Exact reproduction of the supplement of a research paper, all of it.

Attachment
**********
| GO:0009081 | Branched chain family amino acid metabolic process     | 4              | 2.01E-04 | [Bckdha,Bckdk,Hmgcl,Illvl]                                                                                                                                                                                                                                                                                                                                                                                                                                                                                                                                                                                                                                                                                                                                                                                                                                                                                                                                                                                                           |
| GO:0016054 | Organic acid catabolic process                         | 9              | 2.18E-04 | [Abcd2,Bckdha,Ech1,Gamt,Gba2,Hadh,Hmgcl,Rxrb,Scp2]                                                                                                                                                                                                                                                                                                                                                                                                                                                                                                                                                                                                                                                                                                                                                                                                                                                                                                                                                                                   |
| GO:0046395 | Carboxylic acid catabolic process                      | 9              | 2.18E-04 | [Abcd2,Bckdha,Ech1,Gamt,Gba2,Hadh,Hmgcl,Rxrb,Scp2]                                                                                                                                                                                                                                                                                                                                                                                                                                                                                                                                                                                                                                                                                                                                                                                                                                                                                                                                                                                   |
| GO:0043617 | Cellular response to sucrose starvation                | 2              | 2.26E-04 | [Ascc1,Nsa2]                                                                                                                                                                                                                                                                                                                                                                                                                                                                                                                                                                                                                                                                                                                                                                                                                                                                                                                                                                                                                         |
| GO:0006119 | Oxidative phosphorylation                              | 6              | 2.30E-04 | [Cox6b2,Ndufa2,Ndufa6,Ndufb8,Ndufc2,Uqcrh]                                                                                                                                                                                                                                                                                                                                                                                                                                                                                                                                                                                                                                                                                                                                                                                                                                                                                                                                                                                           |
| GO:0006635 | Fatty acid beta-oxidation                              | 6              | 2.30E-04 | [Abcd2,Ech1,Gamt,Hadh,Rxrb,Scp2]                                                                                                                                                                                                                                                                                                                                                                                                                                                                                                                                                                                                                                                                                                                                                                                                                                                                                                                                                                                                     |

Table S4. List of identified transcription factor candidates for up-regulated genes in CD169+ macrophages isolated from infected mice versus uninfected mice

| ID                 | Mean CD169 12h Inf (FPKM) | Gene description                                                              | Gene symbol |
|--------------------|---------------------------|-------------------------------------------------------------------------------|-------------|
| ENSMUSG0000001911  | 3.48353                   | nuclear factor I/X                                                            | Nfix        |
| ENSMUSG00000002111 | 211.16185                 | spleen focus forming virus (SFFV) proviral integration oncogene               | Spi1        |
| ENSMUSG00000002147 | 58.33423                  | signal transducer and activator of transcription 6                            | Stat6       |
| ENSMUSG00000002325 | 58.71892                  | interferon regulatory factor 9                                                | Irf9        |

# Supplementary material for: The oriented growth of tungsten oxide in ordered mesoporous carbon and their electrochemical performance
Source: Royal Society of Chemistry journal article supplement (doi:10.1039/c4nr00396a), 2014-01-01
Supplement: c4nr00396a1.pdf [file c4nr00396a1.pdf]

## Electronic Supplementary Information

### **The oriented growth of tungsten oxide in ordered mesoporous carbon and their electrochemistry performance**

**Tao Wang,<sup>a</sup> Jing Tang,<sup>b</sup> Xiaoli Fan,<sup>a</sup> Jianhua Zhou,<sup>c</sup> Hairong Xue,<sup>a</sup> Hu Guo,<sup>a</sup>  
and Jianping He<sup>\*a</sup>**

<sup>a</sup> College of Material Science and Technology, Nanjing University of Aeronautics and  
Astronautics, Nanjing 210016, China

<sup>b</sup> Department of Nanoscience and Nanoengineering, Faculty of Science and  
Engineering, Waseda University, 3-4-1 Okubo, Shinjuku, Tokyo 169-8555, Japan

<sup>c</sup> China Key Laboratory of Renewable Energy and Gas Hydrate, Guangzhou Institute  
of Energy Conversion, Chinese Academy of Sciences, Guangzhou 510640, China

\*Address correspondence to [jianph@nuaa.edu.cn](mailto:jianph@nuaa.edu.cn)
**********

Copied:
| GO:0009081 | Branched chain family amino acid metabolic process     | 4              | 2.01E-04 | [Bckdha,Bckdk,Hmgcl,Illvl]                                                                                                                                                                                                                                                                                                                                                                                                                                                                                                                                                                                                                                                                                                                                                                                                                                                                                                                                                                                                           |
| GO:0016054 | Organic acid catabolic process                         | 9              | 2.18E-04 | [Abcd2,Bckdha,Ech1,Gamt,Gba2,Hadh,Hmgcl,Rxrb,Scp2]                                                                                                                                                                                                                                                                                                                                                                                                                                                                                                                                                                                                                                                                                                                                                                                                                                                                                                                                                                                   |
| GO:0046395 | Carboxylic acid catabolic process                      | 9              | 2.18E-04 | [Abcd2,Bckdha,Ech1,Gamt,Gba2,Hadh,Hmgcl,Rxrb,Scp2]                                                                                                                                                                                                                                                                                                                                                                                                                                                                                                                                                                                                                                                                                                                                                                                                                                                                                                                                                                                   |
| GO:0043617 | Cellular response to sucrose starvation                | 2              | 2.26E-04 | [Ascc1,Nsa2]                                                                                                                                                                                                                                                                                                                                                                                                                                                                                                                                                                                                                                                                                                                                                                                                                                                                                                                                                                                                                         |
| GO:0006119 | Oxidative phosphorylation                              | 6              | 2.30E-04 | [Cox6b2,Ndufa2,Ndufa6,Ndufb8,Ndufc2,Uqcrh]                                                                                                                                                                                                                                                                                                                                                                                                                                                                                                                                                                                                                                                                                                                                                                                                                                                                                                                                                                                           |
| GO:0006635 | Fatty acid beta-oxidation                              | 6              | 2.30E-04 | [Abcd2,Ech1,Gamt,Hadh,Rxrb,Scp2]                                                                                                                                                                                                                                                                                                                                                                                                                                                                                                                                                                                                                                                                                                                                                                                                                                                                                                                                                                                                     |

Table S4. List of identified transcription factor candidates for up-regulated genes in CD169+ macrophages isolated from infected mice versus uninfected mice

| ID                 | Mean CD169 12h Inf (FPKM) | Gene description                                                              | Gene symbol |
|--------------------|---------------------------|-------------------------------------------------------------------------------|-------------|
| ENSMUSG0000001911  | 3.48353                   | nuclear factor I/X                                                            | Nfix        |
| ENSMUSG00000002111 | 211.16185                 | spleen focus forming virus (SFFV) proviral integration oncogene               | Spi1        |
| ENSMUSG00000002147 | 58.33423                  | signal transducer and activator of transcription 6                            | Stat6       |
| ENSMUSG00000002325 | 58.71892                  | interferon regulatory factor 9                                                | Irf9        |

# Supplementary material for: The oriented growth of tungsten oxide in ordered mesoporous carbon and their electrochemical performance
Source: Royal Society of Chemistry journal article supplement (doi:10.1039/c4nr00396a), 2014-01-01
Supplement: c4nr00396a1.pdf [file c4nr00396a1.pdf]

## Electronic Supplementary Information

### **The oriented growth of tungsten oxide in ordered mesoporous carbon and their electrochemistry performance**

**Tao Wang,<sup>a</sup> Jing Tang,<sup>b</sup> Xiaoli Fan,<sup>a</sup> Jianhua Zhou,<sup>c</sup> Hairong Xue,<sup>a</sup> Hu Guo,<sup>a</sup>  
and Jianping He<sup>\*a</sup>**

<sup>a</sup> College of Material Science and Technology, Nanjing University of Aeronautics and  
Astronautics, Nanjing 210016, China

<sup>b</sup> Department of Nanoscience and Nanoengineering, Faculty of Science and  
Engineering, Waseda University, 3-4-1 Okubo, Shinjuku, Tokyo 169-8555, Japan

<sup>c</sup> China Key Laboratory of Renewable Energy and Gas Hydrate, Guangzhou Institute  
of Energy Conversion, Chinese Academy of Sciences, Guangzhou 510640, China

\*Address correspondence to [jianph@nuaa.edu.cn](mailto:jianph@nuaa.edu.cn)